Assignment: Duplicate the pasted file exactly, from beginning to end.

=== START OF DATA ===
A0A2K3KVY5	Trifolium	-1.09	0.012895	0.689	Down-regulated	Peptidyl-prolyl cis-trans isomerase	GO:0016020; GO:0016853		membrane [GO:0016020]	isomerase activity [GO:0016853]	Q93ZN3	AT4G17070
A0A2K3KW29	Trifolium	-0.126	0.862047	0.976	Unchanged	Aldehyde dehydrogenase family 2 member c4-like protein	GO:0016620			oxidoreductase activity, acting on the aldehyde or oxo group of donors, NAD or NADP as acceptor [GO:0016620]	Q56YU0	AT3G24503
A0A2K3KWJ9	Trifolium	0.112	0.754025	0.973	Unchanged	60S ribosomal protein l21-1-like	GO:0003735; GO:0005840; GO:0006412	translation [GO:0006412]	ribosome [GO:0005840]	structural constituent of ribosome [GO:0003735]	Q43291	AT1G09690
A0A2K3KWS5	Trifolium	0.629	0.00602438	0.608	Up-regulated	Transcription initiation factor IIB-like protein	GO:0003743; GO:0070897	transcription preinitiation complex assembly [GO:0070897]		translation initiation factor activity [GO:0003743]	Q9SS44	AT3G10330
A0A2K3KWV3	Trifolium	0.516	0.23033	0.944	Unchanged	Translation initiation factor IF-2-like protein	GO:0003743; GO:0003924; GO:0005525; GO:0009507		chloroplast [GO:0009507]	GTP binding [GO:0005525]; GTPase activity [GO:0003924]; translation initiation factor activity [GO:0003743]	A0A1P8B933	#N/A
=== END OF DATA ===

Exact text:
A0A2K3KVY5	Trifolium	-1.09	0.012895	0.689	Down-regulated	Peptidyl-prolyl cis-trans isomerase	GO:0016020; GO:0016853		membrane [GO:0016020]	isomerase activity [GO:0016853]	Q93ZN3	AT4G17070
A0A2K3KW29	Trifolium	-0.126	0.862047	0.976	Unchanged	Aldehyde dehydrogenase family 2 member c4-like protein	GO:0016620			oxidoreductase activity, acting on the aldehyde or oxo group of donors, NAD or NADP as acceptor [GO:0016620]	Q56YU0	AT3G24503
A0A2K3KWJ9	Trifolium	0.112	0.754025	0.973	Unchanged	60S ribosomal protein l21-1-like	GO:0003735; GO:0005840; GO:0006412	translation [GO:0006412]	ribosome [GO:0005840]	structural constituent of ribosome [GO:0003735]	Q43291	AT1G09690
A0A2K3KWS5	Trifolium	0.629	0.00602438	0.608	Up-regulated	Transcription initiation factor IIB-like protein	GO:0003743; GO:0070897	transcription preinitiation complex assembly [GO:0070897]		translation initiation factor activity [GO:0003743]	Q9SS44	AT3G10330
A0A2K3KWV3	Trifolium	0.516	0.23033	0.944	Unchanged	Translation initiation factor IF-2-like protein	GO:0003743; GO:0003924; GO:0005525; GO:0009507		chloroplast [GO:0009507]	GTP binding [GO:0005525]; GTPase activity [GO:0003924]; translation initiation factor activity [GO:0003743]	A0A1P8B933	#N/A